The UK’s system for value added tax (VAT) is based to a large extent on the EU’s VAT Directive1 and supplementary legislation. The purpose of the Directive is to facilitate the free movement of goods and services within the Single Market, notably by harmonising when and where the VAT liability arises (especially on cross-border sales); restricting which VAT rates national governments can apply to ensure a level playing field; and eliminating the need for controls on intra-EU trade of goods to ensure the correct amount of VAT is paid.
Since October 2017, the European Commission has tabled four separate proposals for a substantial overhaul of the way the EU’s VAT system has operated, in one form or another, since 1992. In this Report, we discuss these four proposals in turn. They relate to the treatment of cross-border sales of goods; the flexibility of individual EU countries to vary their domestic VAT rates; special schemes for small businesses to ease the burden of collecting VAT; and cooperation between the Union’s national tax authorities to combat fraud. We have also focused on the implications of Brexit for the UK’s domestic VAT regime, and the consequences for UK-EU trade.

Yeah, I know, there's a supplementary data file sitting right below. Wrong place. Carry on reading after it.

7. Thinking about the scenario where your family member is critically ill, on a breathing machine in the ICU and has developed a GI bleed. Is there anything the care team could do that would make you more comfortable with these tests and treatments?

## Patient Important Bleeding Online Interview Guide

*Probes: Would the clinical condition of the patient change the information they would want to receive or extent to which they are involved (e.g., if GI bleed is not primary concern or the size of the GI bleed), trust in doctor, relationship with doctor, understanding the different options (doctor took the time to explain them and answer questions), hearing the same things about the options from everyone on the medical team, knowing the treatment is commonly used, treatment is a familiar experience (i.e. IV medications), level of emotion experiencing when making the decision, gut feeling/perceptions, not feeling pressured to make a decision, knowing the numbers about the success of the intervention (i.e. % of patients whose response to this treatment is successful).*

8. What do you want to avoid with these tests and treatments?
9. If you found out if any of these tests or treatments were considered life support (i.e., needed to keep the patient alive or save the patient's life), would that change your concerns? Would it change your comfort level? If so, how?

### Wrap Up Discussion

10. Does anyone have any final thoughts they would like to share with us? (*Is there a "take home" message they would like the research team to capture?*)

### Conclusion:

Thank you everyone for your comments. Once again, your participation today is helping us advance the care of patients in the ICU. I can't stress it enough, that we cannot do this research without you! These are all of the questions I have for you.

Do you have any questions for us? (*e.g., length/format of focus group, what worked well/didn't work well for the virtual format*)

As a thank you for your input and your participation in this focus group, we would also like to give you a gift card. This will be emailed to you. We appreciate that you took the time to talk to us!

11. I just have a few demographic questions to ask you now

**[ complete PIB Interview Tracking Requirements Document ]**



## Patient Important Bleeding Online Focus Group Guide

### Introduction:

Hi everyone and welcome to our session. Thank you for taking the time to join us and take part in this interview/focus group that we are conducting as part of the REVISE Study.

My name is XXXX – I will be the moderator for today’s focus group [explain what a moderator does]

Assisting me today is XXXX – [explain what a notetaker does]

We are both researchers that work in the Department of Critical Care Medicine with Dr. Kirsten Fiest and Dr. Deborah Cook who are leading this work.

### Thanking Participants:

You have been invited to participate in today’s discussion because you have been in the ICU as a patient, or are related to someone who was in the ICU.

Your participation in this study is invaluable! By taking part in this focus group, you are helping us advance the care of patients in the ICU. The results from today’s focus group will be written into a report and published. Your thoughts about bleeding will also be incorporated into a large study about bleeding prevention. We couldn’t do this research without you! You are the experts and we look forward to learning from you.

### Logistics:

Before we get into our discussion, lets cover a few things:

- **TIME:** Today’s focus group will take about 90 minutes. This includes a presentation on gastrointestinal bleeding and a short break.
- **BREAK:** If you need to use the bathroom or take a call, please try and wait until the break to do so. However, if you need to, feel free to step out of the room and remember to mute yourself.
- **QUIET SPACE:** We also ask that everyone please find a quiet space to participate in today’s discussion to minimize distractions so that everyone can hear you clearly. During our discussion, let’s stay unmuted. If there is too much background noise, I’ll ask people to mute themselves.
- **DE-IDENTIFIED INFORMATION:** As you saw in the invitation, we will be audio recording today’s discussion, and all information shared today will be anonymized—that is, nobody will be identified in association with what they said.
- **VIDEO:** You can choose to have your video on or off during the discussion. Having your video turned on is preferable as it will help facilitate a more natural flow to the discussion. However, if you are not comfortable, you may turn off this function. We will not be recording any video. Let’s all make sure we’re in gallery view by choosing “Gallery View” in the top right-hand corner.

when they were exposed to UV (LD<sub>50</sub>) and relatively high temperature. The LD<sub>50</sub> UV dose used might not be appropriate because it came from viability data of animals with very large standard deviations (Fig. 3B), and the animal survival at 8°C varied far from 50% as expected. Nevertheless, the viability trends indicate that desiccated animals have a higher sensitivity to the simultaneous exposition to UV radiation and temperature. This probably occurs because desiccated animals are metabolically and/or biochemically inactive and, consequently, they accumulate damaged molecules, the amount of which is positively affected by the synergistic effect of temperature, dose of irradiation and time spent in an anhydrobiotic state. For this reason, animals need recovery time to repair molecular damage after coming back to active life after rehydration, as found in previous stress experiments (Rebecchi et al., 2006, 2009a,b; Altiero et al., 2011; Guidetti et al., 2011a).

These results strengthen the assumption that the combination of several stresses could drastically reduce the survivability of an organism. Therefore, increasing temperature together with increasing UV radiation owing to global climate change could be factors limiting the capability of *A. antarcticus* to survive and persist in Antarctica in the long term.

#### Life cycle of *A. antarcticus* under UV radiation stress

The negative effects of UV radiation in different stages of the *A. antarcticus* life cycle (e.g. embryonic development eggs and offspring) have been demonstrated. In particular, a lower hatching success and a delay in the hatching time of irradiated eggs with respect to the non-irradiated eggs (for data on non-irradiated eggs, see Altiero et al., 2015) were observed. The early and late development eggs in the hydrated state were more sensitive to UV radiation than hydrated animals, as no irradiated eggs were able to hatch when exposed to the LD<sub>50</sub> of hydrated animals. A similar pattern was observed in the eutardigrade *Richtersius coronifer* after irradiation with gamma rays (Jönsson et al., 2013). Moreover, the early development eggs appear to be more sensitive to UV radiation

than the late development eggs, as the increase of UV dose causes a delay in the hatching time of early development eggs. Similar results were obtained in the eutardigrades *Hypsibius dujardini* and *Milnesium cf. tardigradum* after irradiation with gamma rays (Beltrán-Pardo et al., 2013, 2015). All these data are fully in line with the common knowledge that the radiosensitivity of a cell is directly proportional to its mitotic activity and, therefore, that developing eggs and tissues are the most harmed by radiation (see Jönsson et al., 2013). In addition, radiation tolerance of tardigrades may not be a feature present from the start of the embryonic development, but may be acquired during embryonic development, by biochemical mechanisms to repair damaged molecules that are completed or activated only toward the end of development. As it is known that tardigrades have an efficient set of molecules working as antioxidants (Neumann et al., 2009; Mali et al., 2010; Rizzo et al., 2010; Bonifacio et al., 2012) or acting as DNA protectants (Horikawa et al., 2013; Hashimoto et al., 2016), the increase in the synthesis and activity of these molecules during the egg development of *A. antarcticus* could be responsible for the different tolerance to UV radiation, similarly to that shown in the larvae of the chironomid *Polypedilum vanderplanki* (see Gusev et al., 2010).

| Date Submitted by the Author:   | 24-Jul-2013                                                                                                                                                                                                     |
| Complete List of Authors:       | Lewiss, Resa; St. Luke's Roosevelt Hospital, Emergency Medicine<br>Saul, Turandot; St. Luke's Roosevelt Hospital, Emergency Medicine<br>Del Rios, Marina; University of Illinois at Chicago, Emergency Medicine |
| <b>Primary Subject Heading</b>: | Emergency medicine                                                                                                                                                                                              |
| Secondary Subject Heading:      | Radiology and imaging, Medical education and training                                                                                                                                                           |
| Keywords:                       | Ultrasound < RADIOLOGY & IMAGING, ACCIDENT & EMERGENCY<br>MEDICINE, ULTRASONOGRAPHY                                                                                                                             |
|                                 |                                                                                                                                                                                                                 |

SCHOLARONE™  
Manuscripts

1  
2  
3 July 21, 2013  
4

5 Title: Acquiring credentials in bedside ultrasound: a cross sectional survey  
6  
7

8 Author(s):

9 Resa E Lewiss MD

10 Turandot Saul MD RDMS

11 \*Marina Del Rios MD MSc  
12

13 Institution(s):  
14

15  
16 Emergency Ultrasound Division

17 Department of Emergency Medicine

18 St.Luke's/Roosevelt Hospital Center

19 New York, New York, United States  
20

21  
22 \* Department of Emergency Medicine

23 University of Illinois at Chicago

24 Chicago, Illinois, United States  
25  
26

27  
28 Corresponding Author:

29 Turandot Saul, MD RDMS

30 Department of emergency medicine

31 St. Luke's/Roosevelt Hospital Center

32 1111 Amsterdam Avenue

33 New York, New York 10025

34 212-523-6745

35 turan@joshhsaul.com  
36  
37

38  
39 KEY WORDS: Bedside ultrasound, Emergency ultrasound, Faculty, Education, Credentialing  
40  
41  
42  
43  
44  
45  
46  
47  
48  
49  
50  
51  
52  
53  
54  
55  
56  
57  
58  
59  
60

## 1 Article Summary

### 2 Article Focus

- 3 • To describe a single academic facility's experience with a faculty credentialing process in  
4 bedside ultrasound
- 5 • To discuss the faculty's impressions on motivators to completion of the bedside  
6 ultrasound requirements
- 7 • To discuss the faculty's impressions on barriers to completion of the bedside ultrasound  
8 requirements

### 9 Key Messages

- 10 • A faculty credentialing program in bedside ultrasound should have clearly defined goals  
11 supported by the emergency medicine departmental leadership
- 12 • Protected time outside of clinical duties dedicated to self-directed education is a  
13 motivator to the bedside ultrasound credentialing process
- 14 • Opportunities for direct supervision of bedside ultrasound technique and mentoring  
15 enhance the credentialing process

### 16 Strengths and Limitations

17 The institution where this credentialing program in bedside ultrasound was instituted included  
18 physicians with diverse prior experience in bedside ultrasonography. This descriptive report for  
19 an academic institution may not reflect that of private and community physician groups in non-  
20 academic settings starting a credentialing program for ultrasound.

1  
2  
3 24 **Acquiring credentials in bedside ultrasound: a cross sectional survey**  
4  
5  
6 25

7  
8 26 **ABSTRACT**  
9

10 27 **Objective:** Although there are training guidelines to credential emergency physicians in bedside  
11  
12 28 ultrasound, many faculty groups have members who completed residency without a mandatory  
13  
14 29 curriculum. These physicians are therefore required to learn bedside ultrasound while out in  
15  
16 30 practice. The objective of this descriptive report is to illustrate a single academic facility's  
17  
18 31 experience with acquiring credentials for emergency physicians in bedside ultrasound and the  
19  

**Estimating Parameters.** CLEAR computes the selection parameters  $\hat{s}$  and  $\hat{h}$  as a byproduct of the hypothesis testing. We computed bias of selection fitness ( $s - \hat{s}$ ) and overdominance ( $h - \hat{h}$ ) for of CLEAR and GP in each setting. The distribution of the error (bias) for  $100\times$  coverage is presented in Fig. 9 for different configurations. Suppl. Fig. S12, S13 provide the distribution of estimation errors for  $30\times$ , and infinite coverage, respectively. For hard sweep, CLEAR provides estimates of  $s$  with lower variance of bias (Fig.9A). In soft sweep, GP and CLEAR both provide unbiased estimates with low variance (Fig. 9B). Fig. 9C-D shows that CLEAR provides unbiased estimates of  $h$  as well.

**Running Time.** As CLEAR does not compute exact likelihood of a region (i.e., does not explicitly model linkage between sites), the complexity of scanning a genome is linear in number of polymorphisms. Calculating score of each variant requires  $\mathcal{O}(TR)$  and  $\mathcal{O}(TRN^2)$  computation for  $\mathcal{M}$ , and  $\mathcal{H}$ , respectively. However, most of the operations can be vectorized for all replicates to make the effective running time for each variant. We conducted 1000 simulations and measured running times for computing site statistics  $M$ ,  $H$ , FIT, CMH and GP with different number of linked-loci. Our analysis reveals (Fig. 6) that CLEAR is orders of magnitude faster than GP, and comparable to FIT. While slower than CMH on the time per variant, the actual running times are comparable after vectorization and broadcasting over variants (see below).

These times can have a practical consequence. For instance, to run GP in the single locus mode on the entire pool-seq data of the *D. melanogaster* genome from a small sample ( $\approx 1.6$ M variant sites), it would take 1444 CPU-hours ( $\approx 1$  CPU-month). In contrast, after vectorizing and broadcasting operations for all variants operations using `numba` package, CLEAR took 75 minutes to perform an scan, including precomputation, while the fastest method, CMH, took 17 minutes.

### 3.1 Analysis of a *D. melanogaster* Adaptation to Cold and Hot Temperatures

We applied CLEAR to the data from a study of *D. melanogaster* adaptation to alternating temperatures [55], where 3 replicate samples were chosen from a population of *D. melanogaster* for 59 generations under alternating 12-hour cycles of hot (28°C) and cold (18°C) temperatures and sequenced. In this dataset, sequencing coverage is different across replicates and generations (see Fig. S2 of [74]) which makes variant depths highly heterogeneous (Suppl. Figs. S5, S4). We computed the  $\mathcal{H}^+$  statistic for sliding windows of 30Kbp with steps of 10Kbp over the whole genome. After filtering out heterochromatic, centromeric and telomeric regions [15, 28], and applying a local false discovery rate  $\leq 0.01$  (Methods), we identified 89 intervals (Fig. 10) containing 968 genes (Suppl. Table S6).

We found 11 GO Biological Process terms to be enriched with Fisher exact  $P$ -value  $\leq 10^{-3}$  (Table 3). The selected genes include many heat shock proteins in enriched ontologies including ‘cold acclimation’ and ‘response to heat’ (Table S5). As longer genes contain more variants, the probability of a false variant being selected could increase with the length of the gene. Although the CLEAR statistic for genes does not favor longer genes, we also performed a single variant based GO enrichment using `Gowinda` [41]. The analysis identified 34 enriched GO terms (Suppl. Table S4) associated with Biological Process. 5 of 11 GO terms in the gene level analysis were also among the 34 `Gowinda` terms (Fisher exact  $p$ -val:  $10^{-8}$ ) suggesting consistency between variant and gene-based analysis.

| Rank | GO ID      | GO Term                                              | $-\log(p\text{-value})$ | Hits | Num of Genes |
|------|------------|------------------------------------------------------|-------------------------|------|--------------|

Until it ceases to be a Member State, the UK will have a veto over any new EU tax legislation.
The system for cross-border VAT within the Community was created in 1967, and although modified throughout the 1970s and 1980s, the basic approach has remained effectively unchanged until the advent of the Single Market. VAT was paid in the Member State of consumption, and customs officers collected the tax on goods being moved between different countries within the Community at the border.